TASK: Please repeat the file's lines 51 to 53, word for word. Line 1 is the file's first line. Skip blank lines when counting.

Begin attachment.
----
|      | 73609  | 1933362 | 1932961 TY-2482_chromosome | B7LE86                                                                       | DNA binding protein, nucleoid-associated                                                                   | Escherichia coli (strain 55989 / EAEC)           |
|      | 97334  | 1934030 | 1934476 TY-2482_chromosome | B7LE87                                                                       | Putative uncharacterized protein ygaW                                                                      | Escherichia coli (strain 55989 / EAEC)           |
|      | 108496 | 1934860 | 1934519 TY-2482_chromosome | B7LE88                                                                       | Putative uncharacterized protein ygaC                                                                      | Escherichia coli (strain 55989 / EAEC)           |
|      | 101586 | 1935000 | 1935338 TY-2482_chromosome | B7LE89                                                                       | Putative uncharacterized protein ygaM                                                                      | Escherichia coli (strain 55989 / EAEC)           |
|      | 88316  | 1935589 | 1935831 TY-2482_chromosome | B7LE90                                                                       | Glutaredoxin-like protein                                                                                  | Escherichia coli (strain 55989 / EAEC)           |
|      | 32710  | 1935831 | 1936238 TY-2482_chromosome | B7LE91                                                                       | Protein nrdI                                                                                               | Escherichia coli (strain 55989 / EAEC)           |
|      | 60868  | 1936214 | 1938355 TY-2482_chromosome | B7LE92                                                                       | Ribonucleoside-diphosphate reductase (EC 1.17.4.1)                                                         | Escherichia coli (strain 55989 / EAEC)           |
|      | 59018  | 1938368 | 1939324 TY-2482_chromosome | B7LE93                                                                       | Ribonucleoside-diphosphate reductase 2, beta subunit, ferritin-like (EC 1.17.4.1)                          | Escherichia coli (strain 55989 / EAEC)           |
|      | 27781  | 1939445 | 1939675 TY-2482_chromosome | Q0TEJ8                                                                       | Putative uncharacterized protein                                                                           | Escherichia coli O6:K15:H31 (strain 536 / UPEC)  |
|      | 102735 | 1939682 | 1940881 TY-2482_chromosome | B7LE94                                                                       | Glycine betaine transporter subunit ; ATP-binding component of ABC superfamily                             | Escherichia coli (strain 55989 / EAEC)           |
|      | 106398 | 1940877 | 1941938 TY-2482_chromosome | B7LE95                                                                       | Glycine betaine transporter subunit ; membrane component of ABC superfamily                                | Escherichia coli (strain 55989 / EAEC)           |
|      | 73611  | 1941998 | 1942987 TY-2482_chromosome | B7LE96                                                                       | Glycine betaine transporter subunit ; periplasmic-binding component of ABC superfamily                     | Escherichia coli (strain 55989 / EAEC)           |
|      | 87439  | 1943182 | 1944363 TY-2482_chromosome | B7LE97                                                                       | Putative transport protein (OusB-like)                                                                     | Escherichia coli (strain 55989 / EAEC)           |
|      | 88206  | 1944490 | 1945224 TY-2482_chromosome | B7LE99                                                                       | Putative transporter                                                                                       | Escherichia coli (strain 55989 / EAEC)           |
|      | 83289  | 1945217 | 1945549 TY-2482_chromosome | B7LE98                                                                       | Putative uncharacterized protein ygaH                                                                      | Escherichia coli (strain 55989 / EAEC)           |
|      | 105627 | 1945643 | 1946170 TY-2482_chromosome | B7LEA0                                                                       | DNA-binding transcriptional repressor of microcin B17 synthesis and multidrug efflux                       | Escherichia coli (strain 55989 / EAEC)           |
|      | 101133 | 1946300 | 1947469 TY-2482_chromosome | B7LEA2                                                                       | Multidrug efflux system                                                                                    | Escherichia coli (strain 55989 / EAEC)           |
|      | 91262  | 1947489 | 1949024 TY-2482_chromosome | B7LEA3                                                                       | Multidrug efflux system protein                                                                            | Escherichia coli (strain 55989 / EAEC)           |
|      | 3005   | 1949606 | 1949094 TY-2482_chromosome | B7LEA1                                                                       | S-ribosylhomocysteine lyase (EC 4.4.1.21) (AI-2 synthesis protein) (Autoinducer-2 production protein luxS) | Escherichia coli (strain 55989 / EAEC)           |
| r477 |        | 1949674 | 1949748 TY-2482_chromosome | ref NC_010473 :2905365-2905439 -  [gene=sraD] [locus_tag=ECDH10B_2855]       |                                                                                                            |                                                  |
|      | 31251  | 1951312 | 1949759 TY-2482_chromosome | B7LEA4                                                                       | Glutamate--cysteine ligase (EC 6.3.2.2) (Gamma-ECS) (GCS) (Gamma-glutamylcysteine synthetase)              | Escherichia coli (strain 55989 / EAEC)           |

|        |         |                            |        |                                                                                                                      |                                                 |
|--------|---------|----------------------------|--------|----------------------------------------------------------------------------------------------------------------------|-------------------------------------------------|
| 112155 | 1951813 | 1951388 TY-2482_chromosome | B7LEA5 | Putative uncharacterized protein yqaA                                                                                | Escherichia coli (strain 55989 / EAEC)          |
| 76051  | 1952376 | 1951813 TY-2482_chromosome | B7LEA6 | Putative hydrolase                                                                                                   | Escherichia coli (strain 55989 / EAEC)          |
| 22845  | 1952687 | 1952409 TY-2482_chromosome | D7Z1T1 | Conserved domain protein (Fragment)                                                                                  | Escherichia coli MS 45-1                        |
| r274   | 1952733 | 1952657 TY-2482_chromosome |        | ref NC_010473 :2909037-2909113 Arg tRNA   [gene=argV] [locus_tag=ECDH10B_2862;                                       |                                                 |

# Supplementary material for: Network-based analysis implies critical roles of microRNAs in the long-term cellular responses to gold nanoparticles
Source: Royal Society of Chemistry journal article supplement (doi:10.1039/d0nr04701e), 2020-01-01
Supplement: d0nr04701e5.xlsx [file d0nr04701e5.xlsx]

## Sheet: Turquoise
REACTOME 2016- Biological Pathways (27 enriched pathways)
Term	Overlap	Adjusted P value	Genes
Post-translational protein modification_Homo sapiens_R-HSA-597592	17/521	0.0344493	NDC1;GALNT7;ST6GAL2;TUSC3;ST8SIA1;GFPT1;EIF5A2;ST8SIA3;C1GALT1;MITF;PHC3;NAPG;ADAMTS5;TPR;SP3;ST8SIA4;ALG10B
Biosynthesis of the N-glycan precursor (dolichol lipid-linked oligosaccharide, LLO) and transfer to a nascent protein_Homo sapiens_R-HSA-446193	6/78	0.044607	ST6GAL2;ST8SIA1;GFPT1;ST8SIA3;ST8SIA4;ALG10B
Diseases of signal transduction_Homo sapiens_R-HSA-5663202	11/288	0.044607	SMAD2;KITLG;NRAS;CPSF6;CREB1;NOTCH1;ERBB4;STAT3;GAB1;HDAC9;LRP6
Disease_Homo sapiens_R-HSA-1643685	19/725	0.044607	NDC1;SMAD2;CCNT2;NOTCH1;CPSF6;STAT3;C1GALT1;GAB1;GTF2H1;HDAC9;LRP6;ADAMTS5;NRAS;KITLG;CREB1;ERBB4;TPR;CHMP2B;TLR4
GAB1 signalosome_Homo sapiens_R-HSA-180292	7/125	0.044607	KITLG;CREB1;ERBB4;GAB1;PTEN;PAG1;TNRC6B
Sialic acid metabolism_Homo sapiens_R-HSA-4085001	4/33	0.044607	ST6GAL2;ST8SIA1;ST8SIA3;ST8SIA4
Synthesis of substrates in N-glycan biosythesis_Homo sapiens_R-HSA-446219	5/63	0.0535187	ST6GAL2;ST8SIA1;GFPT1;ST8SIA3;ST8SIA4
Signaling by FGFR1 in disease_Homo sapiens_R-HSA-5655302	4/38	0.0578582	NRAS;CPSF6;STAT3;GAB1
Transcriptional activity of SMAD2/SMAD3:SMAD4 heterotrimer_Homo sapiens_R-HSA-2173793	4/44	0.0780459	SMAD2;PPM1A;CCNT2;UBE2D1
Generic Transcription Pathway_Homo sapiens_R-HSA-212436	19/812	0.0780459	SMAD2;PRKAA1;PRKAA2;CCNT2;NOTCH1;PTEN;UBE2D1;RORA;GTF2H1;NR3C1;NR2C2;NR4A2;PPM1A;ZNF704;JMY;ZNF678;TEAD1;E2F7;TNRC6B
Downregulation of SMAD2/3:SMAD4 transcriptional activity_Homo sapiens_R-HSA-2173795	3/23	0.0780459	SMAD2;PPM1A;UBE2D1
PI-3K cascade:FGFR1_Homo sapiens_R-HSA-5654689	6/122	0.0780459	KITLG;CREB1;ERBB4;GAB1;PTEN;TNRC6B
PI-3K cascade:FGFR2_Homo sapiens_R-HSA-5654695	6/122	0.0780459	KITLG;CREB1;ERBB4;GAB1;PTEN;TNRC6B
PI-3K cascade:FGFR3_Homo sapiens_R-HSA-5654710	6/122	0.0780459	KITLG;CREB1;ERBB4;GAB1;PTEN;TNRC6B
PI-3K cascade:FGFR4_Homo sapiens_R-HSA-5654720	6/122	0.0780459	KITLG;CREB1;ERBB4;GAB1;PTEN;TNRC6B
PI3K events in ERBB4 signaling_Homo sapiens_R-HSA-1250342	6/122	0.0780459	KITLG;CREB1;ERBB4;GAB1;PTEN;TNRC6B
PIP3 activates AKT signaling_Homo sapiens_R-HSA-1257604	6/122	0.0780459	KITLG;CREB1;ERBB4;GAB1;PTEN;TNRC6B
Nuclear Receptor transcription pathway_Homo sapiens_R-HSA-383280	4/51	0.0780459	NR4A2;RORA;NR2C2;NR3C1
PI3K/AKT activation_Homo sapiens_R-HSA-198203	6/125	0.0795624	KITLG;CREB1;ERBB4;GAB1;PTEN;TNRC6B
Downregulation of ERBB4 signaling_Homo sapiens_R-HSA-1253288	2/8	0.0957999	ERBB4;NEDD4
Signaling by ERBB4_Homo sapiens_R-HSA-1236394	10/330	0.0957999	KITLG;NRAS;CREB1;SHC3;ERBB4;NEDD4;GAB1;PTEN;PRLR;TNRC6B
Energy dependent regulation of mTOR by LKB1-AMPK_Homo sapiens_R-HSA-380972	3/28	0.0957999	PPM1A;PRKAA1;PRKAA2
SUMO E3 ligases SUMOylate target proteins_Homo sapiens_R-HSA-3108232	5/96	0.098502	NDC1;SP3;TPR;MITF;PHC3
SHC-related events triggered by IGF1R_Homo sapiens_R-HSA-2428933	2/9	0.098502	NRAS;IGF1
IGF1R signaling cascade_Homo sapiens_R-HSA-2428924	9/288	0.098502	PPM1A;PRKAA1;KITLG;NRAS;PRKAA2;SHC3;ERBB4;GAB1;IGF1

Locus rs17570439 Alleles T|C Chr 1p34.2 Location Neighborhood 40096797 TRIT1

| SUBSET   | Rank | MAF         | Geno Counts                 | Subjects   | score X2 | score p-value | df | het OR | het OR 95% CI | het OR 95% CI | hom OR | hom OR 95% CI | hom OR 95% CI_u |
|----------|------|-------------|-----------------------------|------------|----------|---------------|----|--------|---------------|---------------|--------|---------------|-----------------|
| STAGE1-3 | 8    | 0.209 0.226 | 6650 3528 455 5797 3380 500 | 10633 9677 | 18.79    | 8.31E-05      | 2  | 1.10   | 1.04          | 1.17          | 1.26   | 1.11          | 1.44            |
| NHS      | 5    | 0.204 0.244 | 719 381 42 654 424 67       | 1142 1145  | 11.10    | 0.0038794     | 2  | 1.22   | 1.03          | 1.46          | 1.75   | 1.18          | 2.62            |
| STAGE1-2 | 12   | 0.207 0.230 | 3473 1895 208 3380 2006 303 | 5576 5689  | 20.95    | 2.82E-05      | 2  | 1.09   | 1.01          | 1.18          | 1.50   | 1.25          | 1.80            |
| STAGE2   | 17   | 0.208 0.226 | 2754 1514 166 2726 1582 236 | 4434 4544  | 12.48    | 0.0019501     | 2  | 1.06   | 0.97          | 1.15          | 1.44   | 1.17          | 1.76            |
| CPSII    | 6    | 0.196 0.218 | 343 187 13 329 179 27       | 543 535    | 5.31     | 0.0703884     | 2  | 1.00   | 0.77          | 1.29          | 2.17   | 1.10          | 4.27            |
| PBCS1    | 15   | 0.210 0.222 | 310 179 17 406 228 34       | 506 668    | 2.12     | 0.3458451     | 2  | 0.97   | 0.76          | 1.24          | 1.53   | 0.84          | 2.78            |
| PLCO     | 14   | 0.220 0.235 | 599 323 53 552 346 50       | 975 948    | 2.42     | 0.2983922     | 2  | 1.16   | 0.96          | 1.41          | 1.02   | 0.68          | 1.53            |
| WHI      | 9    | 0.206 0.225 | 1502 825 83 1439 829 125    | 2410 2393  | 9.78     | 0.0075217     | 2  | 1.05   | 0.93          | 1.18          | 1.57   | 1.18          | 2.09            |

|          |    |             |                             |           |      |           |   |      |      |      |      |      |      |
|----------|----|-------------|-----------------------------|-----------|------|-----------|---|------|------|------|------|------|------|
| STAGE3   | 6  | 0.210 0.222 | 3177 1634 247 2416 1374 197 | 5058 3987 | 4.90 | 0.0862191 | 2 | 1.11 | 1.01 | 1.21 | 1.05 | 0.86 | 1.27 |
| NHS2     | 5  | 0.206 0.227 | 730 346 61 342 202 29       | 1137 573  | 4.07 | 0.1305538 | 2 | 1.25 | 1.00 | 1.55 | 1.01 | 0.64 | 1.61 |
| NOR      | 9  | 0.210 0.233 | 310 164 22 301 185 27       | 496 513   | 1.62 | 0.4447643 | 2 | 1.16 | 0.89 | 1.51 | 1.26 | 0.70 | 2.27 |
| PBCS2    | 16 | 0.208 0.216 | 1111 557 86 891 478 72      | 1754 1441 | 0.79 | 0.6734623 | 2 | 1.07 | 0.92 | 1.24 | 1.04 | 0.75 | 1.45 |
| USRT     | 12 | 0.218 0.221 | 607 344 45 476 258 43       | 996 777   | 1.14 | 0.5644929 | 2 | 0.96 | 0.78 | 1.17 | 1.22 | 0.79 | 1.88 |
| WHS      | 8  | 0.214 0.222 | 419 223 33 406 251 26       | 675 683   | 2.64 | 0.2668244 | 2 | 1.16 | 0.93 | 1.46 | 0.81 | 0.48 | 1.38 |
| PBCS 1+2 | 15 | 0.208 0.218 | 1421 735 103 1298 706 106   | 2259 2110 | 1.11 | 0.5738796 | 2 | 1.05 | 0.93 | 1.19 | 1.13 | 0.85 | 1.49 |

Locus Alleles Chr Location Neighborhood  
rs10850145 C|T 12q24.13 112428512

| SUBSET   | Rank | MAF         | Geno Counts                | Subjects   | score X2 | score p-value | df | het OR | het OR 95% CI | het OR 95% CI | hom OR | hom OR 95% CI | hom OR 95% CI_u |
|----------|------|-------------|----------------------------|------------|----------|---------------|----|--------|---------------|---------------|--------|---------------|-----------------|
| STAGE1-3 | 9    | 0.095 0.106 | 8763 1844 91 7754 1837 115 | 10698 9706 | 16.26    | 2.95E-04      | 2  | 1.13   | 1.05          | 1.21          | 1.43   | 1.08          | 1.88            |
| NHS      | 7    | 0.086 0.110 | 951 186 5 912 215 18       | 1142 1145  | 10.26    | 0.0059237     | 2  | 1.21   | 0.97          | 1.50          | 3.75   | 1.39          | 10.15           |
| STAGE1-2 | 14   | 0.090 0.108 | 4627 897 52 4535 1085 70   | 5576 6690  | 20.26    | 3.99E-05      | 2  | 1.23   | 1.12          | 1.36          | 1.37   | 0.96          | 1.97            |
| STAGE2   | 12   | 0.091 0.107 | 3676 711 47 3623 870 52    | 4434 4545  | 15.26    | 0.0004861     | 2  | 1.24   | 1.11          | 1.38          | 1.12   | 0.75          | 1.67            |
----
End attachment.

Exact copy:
Nuclear Receptor transcription pathway_Homo sapiens_R-HSA-383280	4/51	0.0780459	NR4A2;RORA;NR2C2;NR3C1
PI3K/AKT activation_Homo sapiens_R-HSA-198203	6/125	0.0795624	KITLG;CREB1;ERBB4;GAB1;PTEN;TNRC6B
Downregulation of ERBB4 signaling_Homo sapiens_R-HSA-1253288	2/8	0.0957999	ERBB4;NEDD4